What is corneal dystrophy?
Corneal dystrophies are a group of corneal diseases considered rare or minority, and that are often genetic. There are many different types that are generally characterised by affecting both eyes and causing a loss of transparency in the cornea, the eye’s “window”. This gradually turns opaque due to the accumulation of foreign material (fluid, deposits, etc.) on one or several of the layers forming it, thus altering its structure and normal function.
Depending on the location of the dystrophy, the following can be told apart:
- Epithelial dystrophies: these affect the outer layer covering the cornea. They are the most frequent, although often go unnoticed without symptoms (usually recurrent episodes of eye pain).
- Stromal dystrophies: these are in the intermediate and thickest layer of the cornea, which accounts for 90% of its total thickness. They are less frequent.
Endothelial dystrophies: these damage the innermost layer of the cornea, resulting in it “misting” due to accumulated fluid, with the consequent loss of vision. The most frequent is Fuchs’ dystrophy, one of the most frequent causes of corneal transplantation at present in the western world.
Because they are genetic, corneal dystrophies are present from birth, but can also begin to appear at extremely wide-ranging ages: from childhood to adulthood (40-50) or old age (70-80, as with Fuchs’ dystrophy). If they appear in small children they might cause lazy eye.
The most characteristic symptom is blurred vision or, more directly, the gradual loss of vision. Some of these dystrophies might be associated to recurrent corneal erosions, as well as photofobia and the feeling of gritty eyes or a foreign body in the eye.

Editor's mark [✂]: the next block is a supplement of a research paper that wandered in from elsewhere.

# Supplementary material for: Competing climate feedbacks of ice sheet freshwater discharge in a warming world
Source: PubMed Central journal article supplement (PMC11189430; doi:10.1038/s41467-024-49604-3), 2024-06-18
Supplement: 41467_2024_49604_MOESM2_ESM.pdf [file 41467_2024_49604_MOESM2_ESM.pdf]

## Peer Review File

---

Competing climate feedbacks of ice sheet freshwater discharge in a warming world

Despite being genetic, only some cases of corneal dystrophy are clearly hereditary. Remember that your family background might be of use when checking the vision of children to detect early signs of the disease.
Treating corneal dystrophies differs considerably depending on the symptoms of the disease and its progression. Therefore, minor dystrophies do not often require specific treatment, although if this is your case you must attend the regular check ups indicated by your ophthalmologist to control their evolution.
If you repeatedly suffer from corneal erosions, you will have to follow a treatment with eye drops or laser, in the most severe cases, to protect the integrity of the cornea, avoid infection, and encourage tissue scarring.
If you suffer an oedema or pain due to the disease at any time, we might have to apply an eye drop or ointment to relieve the symptoms, and you might have to wear a contact lens to provide the infected eye with extra protection.
Finally, when the cornea has lost transparency to the point that there is significant and irreversible vision loss, the specialist might recommend corneal transplantation, which we perform at the Miranza clinics using the most modern and least invasive techniques.